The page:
THE RISK MANAGEMENT SIDE OF STAFF TRAINING

By: Patrice L. Spath
Brown-Spath & Associates

Negligence

Another liability concern relates to negligent training. Negligence is generally defined as conduct that falls below the standard of care that is necessary to protect others against exposure to an unreasonable risk of foreseeable injury. Most negligence falls in the unintentional category, such as an intraoperative injury to a patient. Deliberate infliction of emotional distress is an example of intentional negligence. Injuries or damages resulting from improper training could be a source of litigation. For example, in Stacy v. Truman Medical Center (1992), the Center had a legal duty to instruct its nurses in the correct performance of their work. Although the Center had a policy on fire evacuation procedures, the nurse in this instance was not trained on the policy. The nurse's breach of a duty was failing to remove the patient from a room on fire. The proximate causal link between the death of the patient and the legal duty to adequately train the nurse on fire evacuation policy was argued successfully before a trial court.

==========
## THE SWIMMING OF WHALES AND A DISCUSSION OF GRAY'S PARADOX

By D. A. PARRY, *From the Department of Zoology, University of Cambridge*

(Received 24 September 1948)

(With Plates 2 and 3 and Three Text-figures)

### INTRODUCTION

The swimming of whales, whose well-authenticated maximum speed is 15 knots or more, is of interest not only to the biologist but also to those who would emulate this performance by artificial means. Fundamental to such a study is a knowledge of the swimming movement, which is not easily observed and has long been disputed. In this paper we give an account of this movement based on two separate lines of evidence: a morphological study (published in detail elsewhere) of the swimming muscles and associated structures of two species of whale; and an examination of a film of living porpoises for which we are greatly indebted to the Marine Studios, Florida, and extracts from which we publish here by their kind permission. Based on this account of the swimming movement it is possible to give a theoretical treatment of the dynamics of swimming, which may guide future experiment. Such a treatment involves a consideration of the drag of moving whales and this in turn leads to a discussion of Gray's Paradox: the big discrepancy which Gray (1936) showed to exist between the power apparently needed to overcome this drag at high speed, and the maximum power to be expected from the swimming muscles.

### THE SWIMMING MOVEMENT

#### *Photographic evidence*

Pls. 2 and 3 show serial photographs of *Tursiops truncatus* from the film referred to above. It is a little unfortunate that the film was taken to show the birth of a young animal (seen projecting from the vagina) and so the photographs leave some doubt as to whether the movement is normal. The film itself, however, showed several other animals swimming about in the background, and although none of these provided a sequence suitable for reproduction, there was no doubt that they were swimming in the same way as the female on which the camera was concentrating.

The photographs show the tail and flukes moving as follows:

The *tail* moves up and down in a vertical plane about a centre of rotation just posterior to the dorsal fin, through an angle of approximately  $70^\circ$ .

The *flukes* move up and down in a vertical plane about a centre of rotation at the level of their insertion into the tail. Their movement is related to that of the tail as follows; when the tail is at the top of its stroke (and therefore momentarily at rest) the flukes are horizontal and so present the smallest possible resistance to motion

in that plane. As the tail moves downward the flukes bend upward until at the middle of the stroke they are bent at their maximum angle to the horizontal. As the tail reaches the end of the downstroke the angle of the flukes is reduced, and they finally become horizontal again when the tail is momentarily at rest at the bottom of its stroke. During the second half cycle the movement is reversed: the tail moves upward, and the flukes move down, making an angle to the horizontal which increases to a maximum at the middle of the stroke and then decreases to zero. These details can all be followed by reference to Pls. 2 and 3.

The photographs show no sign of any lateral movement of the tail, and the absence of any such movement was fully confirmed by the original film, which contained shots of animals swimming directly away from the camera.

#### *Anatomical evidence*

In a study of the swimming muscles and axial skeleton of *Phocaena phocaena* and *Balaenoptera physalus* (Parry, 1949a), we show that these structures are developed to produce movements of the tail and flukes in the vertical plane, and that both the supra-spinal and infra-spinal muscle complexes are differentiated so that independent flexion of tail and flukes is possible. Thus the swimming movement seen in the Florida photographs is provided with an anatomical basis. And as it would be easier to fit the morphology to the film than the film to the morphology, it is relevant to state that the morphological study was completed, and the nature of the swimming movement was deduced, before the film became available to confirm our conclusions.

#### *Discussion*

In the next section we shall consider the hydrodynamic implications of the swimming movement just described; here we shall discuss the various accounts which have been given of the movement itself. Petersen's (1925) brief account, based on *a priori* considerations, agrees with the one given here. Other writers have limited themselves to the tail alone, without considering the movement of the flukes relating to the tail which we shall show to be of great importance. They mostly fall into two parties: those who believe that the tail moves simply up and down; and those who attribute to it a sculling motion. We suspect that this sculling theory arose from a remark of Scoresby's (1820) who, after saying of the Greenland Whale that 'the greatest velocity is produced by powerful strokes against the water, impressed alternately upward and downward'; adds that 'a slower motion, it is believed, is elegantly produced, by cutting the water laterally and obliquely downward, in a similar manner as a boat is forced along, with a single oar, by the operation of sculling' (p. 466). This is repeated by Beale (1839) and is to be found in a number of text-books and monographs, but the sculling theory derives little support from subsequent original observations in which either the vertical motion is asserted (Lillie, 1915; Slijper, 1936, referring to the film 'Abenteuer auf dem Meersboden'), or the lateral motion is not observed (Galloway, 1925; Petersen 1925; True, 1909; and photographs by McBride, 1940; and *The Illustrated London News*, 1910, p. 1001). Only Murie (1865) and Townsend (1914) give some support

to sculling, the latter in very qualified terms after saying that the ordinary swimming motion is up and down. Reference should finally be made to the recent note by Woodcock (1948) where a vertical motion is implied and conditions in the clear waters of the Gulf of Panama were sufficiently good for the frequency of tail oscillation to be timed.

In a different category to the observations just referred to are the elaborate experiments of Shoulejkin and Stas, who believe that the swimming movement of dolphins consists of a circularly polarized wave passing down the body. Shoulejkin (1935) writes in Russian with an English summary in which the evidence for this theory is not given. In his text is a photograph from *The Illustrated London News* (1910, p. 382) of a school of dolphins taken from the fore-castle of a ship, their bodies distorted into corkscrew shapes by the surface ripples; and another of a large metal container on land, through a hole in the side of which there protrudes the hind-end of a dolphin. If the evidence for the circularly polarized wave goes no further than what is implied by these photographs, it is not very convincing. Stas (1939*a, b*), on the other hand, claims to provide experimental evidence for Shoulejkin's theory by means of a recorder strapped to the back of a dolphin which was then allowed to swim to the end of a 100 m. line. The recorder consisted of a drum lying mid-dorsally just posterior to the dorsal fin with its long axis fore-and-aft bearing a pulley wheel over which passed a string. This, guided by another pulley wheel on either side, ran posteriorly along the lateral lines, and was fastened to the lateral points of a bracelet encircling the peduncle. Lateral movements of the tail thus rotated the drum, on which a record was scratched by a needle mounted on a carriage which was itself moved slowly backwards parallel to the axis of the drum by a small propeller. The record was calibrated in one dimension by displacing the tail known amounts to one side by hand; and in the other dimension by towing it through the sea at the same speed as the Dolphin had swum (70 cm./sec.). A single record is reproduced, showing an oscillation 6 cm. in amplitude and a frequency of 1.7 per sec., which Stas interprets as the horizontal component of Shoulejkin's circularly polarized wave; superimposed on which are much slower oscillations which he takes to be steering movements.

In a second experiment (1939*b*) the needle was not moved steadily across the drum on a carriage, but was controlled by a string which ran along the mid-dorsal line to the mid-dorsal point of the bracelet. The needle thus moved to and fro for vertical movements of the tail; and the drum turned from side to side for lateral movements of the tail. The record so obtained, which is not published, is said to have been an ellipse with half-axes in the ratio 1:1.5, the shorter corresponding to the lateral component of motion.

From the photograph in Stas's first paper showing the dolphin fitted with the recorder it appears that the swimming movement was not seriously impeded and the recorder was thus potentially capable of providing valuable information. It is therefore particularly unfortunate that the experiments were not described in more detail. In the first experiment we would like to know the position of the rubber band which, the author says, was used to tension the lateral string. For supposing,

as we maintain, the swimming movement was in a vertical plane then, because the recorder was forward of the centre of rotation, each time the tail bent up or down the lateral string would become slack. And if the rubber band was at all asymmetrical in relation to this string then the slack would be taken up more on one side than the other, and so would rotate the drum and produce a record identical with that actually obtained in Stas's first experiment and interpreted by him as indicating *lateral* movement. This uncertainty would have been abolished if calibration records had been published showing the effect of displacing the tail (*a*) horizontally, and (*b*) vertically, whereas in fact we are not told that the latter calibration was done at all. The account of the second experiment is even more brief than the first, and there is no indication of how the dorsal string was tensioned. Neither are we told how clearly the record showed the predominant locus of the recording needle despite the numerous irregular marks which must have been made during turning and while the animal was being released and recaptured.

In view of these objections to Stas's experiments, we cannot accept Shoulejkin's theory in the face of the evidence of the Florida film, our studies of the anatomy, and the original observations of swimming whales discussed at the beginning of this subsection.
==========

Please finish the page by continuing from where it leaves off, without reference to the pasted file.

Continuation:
Public-sector trainers have an additional source of litigation for which they must be concerned. Negligent acts in publicly operated utilities, hospitals, and social services may also be subject to civil rights laws. What would ordinarily be a negligence action in a state court may become a civil rights case in federal district court. The civil rights claim arises when a law or a policy is not adhered to by the governmental entity and a death or injury results. For example, if admitting staff are expected to triage emergency patients but do not receive adequate training to make these judgements, a question of negligence could be raised if a patient is harmed by inappropriate triaging. The hospital could be held in liable for violating the civil rights of the harmed patient. For instance, hearing a case similar to this healthcare example the Supreme Court held that:

         The inadequacy of the training may serve as the basis for liability only where the failure to train in a relevant respect amounts to deliberate indifference to the constitutional rights of persons with whom the defendant came in contact.

         The focus must be on whether the training program was adequate to the task the particular employee must perform.

         The identified deficiency in the training program must be closely related to the ultimate injury.

Protecting yourself from the potential liabilities of staff training can be easy if a few simple steps are taken to reduce risk. Remember, to be ignorant of any law or significant court decision that affects one's job is to invite trouble. Work with your risk management department to develop comprehensive operational policies and procedures for employee training that minimize your liability exposure.

1998 Brown-Spath & Associates.